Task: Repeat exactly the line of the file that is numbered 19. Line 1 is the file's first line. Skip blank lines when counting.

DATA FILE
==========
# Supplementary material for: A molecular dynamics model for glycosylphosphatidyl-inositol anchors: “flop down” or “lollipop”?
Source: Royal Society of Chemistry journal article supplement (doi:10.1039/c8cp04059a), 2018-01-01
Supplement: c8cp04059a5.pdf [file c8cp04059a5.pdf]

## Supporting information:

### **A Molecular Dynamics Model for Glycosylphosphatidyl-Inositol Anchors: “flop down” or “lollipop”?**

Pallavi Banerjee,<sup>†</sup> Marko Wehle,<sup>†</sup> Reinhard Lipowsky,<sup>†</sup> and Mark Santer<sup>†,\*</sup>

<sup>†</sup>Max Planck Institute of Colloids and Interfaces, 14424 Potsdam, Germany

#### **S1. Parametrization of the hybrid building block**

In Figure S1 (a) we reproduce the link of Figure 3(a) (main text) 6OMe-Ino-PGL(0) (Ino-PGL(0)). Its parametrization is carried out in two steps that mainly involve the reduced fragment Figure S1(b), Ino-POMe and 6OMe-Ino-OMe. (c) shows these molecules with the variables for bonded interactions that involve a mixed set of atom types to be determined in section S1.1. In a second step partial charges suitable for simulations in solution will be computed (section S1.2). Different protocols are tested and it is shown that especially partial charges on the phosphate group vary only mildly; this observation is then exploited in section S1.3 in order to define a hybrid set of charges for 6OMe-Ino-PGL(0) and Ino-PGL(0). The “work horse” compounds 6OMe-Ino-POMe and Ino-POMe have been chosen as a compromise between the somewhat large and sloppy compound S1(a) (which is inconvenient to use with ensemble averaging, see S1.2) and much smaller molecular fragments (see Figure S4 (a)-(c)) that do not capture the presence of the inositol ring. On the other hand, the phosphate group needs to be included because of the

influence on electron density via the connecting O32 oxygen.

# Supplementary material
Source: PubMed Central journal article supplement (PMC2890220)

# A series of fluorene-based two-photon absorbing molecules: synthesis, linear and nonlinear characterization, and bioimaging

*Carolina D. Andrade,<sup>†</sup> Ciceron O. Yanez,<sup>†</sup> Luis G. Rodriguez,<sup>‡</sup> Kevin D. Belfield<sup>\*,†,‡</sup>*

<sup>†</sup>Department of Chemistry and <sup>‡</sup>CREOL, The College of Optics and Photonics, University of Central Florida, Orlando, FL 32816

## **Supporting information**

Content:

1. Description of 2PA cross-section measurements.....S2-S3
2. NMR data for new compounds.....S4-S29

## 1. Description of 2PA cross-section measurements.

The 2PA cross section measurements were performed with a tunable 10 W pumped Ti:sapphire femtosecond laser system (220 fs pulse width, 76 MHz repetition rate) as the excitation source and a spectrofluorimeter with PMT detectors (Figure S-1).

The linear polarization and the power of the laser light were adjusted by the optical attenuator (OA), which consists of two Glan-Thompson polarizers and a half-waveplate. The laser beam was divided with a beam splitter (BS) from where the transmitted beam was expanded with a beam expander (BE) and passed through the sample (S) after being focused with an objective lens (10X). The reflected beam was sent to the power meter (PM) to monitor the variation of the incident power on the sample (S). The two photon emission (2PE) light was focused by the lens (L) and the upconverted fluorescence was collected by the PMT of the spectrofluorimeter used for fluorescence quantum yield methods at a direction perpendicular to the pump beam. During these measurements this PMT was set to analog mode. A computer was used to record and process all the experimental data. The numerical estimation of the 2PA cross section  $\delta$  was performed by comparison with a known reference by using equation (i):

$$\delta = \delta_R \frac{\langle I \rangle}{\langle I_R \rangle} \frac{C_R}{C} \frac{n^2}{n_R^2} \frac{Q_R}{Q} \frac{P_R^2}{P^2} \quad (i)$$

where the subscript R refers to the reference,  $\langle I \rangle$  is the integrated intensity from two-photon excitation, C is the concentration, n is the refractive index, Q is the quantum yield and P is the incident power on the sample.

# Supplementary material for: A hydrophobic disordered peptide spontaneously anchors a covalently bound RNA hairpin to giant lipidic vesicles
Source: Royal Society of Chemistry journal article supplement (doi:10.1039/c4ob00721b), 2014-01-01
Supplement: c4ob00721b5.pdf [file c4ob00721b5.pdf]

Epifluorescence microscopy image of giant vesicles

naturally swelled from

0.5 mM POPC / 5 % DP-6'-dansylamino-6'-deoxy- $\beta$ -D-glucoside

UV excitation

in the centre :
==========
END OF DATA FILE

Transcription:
2. NMR data for new compounds.....S4-S29